Certainly, it may all seem quite confusing, but we do well to remember that Jesus was consistent in his message. And one of Jesus’ very clear messages was that worldly wealth used selfishly does not get us anywhere in our journey with God. His message is no different here. Jesus is teaching us about how to prepare for the future, and to prepare for a future with God, we have to be generous and faithful now. Through this parable, Jesus emphasizes the importance of using our worldly assets to help our friends in need, and he challenges us to be as clever and prudent as the steward in ensuring our future.

Now, don’t get me wrong, this parable of the shrewd manager does not condone dishonest thievery. Rather, this parable turns on the steward’s shrewd response to the urgency of his situation. Jesus is trying to urge upon his listeners the fact that we too are in the midst of a crisis that demands an urgent decision if disaster is to be avoided. Faced with the loss of his position, the dishonest steward acted decisively to provide for his future. Likewise, one who hears the gospel knows that just such a decisive act is required of any who will stake their all on the coming kingdom of God. In essence, Jesus is saying, “Look at the shrewdness, the enthusiasm, with which the sleazy shysters and charlatans of this world acquire riches for themselves. If you, the children of light, could marshal just a fraction of that cleverness for God’s work, for serving others, what good could be accomplished!”

“The people of this world are more shrewd in dealing with their own kind than are the people of the light.” That means that if only we Christians were as eager and ingenious in our attempts to attain goodness as the man of the world was in his attempt to attain money and comfort, we would be much better people; much better Christians. If only we would give as much attention to the things which concern our souls as we do the things which concern our business! Our Christianity will begin to be real and effective only when we spend as much time and effort on it as we do on our worldly activities.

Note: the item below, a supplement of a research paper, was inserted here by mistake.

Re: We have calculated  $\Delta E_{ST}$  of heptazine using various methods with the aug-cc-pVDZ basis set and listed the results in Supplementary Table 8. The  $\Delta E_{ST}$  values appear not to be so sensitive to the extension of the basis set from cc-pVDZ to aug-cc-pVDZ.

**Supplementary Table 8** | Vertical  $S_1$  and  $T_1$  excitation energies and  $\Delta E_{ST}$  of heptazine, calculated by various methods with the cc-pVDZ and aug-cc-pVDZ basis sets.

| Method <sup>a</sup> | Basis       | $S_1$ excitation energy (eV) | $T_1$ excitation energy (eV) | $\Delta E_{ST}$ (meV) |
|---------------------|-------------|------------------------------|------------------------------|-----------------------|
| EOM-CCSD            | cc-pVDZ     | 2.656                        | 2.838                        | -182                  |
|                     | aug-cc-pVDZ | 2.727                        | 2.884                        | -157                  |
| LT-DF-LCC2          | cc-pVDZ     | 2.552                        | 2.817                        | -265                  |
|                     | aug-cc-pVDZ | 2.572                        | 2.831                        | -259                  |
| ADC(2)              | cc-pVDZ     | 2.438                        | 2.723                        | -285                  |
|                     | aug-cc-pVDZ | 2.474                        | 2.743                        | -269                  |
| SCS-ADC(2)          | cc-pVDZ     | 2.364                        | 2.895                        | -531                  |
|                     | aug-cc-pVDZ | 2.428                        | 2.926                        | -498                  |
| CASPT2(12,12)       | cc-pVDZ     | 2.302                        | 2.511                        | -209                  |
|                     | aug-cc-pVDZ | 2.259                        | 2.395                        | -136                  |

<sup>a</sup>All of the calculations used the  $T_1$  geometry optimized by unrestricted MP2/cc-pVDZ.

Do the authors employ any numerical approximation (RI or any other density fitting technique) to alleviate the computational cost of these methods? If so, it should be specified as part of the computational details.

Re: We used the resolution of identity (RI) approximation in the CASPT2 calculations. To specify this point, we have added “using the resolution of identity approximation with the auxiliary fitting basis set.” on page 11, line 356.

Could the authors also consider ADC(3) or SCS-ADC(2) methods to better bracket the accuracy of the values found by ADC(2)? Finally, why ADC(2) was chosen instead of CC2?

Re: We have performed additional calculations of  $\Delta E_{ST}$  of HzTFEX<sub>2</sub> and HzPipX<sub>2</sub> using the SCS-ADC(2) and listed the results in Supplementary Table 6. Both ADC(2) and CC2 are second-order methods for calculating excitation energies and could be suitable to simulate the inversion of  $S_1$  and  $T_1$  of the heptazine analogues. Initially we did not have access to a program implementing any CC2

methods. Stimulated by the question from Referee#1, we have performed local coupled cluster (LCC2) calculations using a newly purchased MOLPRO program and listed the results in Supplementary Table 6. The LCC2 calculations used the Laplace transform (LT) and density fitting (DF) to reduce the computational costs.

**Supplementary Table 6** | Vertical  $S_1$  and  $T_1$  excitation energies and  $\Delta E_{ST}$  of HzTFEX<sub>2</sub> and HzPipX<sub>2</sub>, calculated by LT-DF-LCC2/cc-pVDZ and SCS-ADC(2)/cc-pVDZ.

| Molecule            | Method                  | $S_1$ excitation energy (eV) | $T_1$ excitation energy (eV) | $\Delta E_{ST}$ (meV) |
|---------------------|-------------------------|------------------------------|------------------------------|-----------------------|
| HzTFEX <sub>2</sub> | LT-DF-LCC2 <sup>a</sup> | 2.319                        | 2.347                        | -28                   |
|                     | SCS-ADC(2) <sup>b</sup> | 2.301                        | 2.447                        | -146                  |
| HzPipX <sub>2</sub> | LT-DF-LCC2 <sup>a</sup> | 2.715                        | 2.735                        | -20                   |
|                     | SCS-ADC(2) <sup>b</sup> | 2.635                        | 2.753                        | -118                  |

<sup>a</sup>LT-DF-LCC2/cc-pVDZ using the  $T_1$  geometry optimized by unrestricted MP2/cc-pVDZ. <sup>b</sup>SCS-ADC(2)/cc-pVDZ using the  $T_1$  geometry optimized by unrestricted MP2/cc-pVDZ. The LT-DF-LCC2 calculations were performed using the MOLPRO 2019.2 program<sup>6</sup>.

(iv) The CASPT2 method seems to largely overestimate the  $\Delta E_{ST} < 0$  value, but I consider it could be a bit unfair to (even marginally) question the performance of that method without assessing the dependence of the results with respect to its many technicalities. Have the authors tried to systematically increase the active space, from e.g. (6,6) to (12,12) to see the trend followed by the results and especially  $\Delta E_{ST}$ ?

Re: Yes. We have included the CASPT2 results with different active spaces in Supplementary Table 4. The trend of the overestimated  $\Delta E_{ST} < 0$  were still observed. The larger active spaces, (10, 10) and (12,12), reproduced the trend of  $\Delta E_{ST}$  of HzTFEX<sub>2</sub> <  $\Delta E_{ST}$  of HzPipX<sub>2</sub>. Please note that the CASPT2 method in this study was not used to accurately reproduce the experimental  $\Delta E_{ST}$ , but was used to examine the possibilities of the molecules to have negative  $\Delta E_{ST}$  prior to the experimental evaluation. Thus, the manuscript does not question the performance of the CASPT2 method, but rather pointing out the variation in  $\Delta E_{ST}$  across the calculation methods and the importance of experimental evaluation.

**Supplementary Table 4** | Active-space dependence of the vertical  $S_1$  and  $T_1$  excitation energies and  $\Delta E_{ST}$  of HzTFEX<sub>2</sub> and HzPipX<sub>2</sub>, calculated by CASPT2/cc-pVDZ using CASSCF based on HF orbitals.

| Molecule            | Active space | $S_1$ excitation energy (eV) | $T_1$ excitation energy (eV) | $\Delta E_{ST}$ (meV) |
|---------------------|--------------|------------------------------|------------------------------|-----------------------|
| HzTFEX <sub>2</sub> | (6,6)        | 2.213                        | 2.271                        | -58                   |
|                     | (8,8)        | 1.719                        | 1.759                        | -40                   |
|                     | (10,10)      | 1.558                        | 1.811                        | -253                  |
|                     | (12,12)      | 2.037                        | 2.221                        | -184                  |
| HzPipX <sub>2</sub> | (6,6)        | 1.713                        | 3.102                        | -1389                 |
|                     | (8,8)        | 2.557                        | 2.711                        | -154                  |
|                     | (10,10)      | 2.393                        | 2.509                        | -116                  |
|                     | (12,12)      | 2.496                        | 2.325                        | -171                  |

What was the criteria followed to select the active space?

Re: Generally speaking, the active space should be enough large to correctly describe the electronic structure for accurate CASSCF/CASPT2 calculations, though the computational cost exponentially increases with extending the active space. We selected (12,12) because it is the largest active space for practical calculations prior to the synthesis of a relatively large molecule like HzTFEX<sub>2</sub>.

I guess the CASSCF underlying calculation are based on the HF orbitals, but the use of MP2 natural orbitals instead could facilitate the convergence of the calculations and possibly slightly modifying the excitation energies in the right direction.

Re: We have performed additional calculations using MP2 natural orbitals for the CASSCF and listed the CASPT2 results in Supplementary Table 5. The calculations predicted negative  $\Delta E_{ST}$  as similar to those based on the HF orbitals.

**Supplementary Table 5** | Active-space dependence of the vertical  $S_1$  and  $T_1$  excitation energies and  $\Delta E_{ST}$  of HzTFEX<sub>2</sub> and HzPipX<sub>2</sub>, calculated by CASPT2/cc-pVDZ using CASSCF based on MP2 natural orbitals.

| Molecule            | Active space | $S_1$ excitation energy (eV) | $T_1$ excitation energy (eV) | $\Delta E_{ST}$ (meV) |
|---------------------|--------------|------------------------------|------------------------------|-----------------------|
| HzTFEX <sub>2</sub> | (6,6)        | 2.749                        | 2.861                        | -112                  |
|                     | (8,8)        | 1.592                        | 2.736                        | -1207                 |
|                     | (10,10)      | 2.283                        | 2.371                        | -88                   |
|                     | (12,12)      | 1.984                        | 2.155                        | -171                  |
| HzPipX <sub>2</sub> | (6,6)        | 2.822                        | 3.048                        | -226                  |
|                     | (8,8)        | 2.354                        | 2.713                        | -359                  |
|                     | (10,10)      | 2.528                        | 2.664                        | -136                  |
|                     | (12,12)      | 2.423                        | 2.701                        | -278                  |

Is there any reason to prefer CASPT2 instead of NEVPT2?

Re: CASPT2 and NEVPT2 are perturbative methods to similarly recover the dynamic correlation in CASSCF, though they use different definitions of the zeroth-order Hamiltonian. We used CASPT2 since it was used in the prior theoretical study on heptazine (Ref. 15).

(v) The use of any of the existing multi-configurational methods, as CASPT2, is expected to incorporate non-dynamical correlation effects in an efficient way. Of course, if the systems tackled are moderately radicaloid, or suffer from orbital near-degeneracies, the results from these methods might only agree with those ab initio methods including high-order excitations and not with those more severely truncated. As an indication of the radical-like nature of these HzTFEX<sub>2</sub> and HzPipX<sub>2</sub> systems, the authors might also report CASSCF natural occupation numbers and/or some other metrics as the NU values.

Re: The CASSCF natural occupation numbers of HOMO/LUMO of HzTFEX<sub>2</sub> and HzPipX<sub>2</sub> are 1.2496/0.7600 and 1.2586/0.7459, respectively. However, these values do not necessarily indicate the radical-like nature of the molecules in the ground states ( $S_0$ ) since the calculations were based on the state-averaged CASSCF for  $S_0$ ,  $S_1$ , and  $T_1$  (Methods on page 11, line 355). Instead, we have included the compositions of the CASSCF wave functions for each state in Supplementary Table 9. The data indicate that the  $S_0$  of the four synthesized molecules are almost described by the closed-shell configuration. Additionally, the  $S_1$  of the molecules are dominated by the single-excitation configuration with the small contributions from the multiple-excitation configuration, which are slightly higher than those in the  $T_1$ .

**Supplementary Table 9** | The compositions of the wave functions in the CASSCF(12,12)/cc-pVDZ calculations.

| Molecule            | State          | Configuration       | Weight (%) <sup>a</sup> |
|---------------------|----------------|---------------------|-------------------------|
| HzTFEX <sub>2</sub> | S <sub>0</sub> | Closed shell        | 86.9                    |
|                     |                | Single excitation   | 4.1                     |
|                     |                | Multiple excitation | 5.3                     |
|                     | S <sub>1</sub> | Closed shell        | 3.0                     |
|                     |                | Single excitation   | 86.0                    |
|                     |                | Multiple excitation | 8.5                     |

So, what exactly is the shrewd behavior that Jesus seeks from his followers? Well, one clue is found in this parable itself, and it has to do with how we use our resources, and how we act as stewards. Do any of you know the origination of the word steward? The original meaning of the word steward is “a ward of the sty, or a keeper of pigs.” Sty-ward. It goes back to a simple way of life, but it still has force to us as Christians – we are God’s agent to rule a lower level of life. We are not to immerse ourselves in this lower world – our job is not hoarding of wealth or fencing it for our own pleasure, but the proper circulation and use of it in God’s sight.

When the steward learned that he was to lose his job, he didn’t call the people to him, collect their debts and then skip town with all the Master’s money. We must always be on guard against miserliness and the lure of quick money. And though this steward might have fallen into that trap originally, he didn’t this time. He took his fate and turned it into an opportunity to secure his future by making friends with the people who owed money to his Master. He reduced their debts in order to gain friends. “I tell you, use worldly wealth to gain friends for yourselves, so that when it is gone, you will be welcomed into eternal dwellings.” Jesus’ words here are not focused on a selfish motive, but on our obligation to help those in need. In essence, Jesus is saying, “Help the poor now in this world, and they will help you in the next.” This is not some sort of shrewdly calculating charity, but a life lived in compassion and in sight of eternity. God wants us to come into his eternal presence, and one of the ways we do that is by fervently working to seek God’s will and to help those in need in any way we can!